With a stroke of her pen, Gov. Michelle Lujan Grisham set into motion New Mexico’s first minimum wage increase in a decade.
Lujan Grisham signed SB 437 into law Monday afternoon, bumping the state’s minimum wage from $7.50 per hour to $9.00 per hour by the beginning of 2020.
Then by 2023 the rate will increase to $12 per hour.
“This session, the Legislature sent a clear signal: We will not tolerate poverty wages in New Mexico. And this administration is putting working families first,” Lujan Grisham said. “I commend lawmakers who did not allow perfect to be the enemy of good as we worked toward the finish line on this measure.”
She was referring to a late-session difference between House and Senate versions of the legislation.
The original version passed by the House would have increased the minimum wage to $12 per hour by 2021. But conservative legislators balked, and the two chambers eventually decided on a bill that included a $12 per hour wage, but a year later than originally proposed.
“I’m glad for the families that need to put food on the table, clothe their children; this will help them,” sponsor Sen. Clemente Sanchez, D-Grants, said in a statement. “And the step-ups in coming years will help businesses in rural areas get ready for change. This legislation is a good example of compromise at work in Santa Fe.”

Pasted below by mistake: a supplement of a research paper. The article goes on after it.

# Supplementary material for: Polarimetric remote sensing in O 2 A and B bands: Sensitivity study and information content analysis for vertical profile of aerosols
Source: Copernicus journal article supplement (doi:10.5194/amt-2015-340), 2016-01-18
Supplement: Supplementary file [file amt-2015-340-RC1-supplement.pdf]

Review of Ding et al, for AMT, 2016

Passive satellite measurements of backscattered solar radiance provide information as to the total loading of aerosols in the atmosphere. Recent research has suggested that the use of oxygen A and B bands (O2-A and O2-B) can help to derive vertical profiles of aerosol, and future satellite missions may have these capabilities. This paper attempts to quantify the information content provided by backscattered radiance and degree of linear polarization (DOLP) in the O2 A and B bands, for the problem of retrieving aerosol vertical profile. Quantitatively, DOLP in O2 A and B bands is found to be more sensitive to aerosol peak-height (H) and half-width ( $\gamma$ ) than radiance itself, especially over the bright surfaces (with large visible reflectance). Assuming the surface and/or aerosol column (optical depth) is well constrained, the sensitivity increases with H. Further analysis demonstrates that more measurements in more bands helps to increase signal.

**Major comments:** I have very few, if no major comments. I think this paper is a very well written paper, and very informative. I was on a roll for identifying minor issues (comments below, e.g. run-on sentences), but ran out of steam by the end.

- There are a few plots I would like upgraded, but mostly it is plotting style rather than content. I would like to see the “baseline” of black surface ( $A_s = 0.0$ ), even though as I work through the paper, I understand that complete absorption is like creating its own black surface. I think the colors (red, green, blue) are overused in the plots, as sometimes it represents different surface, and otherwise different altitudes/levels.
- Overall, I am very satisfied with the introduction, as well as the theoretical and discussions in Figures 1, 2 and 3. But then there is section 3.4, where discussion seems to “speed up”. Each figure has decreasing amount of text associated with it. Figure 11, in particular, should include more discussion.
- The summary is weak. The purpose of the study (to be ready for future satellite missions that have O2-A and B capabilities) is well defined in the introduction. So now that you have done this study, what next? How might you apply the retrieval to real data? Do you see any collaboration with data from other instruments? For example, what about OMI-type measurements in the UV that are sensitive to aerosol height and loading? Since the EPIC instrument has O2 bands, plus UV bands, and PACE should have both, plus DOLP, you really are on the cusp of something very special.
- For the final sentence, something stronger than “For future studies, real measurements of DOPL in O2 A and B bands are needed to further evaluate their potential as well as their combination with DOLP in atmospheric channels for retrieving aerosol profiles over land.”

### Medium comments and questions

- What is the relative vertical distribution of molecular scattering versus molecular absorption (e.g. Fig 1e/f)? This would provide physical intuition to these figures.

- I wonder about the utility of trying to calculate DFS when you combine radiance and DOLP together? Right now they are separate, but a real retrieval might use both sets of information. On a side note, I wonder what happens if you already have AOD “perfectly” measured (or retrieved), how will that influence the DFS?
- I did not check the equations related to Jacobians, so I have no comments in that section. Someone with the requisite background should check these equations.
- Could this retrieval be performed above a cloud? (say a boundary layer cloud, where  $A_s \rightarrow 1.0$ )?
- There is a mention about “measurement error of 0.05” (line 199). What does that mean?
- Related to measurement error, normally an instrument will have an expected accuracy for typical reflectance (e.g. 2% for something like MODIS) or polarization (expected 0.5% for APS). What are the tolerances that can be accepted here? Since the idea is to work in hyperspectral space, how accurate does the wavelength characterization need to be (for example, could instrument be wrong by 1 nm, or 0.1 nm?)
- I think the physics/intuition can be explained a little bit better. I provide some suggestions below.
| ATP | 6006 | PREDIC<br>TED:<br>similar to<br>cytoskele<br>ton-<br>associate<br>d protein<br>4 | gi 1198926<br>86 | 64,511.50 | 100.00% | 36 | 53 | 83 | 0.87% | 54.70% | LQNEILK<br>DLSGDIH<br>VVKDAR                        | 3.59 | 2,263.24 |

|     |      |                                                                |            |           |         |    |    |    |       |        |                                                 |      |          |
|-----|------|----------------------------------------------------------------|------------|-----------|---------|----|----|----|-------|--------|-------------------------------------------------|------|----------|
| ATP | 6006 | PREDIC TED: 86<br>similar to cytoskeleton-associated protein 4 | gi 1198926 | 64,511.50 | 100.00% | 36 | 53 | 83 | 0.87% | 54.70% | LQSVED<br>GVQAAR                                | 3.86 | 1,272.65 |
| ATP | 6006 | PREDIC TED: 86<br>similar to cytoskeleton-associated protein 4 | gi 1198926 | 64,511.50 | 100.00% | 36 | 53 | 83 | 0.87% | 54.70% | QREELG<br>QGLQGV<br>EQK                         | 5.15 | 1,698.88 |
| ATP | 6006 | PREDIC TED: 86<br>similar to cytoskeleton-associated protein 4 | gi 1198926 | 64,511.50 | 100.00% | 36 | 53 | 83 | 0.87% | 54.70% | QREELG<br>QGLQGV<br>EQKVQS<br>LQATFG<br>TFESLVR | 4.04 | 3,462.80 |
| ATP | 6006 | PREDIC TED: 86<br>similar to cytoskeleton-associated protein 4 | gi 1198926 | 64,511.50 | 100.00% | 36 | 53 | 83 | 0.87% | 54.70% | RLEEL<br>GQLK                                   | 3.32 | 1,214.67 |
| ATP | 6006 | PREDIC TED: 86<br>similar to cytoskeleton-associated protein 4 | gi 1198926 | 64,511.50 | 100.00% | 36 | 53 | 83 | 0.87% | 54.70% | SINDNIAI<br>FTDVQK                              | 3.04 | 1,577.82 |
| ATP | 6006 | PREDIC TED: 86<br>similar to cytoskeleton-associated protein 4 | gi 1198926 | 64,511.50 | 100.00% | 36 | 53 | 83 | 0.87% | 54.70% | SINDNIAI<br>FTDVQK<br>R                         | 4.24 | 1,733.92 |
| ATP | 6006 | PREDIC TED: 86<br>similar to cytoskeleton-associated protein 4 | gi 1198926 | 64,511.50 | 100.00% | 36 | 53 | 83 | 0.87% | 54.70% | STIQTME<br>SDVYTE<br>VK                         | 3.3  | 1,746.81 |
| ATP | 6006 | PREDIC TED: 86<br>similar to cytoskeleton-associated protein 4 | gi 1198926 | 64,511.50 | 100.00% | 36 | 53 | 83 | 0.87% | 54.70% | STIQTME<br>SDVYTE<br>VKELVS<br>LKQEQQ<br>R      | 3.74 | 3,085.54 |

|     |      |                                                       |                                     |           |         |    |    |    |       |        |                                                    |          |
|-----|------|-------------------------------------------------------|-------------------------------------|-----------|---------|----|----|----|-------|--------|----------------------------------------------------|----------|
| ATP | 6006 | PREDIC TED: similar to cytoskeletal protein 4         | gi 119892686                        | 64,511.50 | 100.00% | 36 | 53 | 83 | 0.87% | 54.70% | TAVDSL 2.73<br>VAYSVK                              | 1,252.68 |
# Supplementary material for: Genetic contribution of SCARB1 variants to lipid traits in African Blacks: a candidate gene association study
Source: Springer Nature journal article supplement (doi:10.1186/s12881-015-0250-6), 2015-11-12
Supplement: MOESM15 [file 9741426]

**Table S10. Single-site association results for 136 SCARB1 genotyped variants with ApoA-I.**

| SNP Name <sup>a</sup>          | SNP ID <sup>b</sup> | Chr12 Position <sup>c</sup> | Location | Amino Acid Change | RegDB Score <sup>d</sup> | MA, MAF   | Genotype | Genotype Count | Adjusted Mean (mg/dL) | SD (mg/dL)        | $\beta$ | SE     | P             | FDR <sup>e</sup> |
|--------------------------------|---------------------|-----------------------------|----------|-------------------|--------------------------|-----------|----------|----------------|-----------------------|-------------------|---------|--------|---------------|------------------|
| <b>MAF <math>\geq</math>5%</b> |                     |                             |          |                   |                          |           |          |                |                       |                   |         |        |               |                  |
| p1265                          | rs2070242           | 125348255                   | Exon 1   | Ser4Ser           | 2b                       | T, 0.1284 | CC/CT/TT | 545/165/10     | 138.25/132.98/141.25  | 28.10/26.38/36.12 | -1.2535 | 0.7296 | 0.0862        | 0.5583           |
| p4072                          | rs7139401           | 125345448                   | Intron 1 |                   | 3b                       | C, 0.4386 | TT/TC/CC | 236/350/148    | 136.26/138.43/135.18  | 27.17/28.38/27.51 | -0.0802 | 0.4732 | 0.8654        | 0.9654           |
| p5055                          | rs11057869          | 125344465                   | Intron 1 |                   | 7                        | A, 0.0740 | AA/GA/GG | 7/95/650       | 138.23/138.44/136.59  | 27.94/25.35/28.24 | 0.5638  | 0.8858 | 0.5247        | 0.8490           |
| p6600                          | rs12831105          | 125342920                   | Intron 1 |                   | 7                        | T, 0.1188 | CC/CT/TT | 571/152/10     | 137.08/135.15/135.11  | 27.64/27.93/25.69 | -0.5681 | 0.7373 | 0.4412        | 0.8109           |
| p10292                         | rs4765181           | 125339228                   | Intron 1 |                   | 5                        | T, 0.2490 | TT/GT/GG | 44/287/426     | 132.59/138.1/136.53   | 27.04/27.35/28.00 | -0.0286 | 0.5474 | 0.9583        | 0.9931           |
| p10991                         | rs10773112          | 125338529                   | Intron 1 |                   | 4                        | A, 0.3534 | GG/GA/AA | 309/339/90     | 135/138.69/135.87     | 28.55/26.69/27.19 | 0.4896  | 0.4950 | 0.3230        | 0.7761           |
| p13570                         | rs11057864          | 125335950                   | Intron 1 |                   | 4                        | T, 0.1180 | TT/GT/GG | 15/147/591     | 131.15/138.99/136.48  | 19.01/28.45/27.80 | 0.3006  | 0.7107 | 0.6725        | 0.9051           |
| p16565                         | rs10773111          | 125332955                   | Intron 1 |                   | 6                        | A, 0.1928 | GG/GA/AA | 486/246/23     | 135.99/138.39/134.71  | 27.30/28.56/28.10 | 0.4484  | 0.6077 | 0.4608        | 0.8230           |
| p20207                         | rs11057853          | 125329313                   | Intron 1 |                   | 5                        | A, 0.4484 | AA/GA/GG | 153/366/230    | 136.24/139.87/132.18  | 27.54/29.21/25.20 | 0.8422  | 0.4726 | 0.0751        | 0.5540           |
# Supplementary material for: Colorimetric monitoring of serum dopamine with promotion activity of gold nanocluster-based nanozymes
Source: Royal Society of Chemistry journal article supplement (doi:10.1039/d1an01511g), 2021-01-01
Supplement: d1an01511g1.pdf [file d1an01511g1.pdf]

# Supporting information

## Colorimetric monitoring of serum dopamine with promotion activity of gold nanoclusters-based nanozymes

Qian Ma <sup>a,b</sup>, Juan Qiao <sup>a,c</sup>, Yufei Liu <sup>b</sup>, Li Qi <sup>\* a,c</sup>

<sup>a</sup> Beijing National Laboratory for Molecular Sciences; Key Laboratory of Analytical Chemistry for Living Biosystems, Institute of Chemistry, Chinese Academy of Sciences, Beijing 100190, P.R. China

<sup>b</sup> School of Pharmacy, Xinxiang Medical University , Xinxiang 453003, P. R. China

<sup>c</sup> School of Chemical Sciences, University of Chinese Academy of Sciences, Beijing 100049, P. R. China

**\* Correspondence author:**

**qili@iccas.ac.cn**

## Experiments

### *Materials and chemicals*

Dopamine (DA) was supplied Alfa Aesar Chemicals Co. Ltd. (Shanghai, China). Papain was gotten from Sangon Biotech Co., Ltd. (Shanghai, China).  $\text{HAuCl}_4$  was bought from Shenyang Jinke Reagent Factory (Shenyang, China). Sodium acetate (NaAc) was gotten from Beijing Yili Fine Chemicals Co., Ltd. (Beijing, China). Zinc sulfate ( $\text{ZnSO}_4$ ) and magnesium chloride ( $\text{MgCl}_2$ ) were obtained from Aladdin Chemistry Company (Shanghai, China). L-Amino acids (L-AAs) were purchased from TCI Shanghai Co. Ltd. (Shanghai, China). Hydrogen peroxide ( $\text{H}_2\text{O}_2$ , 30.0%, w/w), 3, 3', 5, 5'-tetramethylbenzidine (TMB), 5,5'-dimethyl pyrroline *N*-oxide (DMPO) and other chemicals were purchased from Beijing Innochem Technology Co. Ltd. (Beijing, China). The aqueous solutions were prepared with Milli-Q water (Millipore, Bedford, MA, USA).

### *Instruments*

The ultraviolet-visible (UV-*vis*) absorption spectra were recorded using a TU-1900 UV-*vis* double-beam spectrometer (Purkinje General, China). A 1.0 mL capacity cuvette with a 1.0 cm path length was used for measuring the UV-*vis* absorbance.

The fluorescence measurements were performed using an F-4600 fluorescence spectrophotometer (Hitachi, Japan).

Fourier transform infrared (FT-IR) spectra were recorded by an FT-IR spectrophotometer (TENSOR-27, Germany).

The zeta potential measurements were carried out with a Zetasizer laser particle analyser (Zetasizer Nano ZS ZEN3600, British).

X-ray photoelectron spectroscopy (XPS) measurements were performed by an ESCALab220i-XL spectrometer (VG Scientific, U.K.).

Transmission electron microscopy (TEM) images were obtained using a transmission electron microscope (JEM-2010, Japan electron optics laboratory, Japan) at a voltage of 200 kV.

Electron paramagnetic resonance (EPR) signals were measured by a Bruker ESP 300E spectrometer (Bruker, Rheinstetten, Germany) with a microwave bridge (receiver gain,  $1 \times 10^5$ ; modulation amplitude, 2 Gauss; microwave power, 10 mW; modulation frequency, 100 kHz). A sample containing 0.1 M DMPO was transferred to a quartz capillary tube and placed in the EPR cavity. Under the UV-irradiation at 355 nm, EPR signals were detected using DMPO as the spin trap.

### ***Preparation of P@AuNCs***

The increases take place each Jan. 1 as follows:
- 2020: $9.00 per hour
- 2021: $10.50 per hour
- 2022: $11.50 per hour
- 2023: $12.00 per hour
As part of the compromise, there will be a separate $8.50 minimum wage for high school students beginning in 2020 with no increases set for the future.
The bill would not affect municipalities or counties which have higher minimum wages. Santa Fe, for example, has a minimum wage of $11.80 per hour, which increases each year with inflation.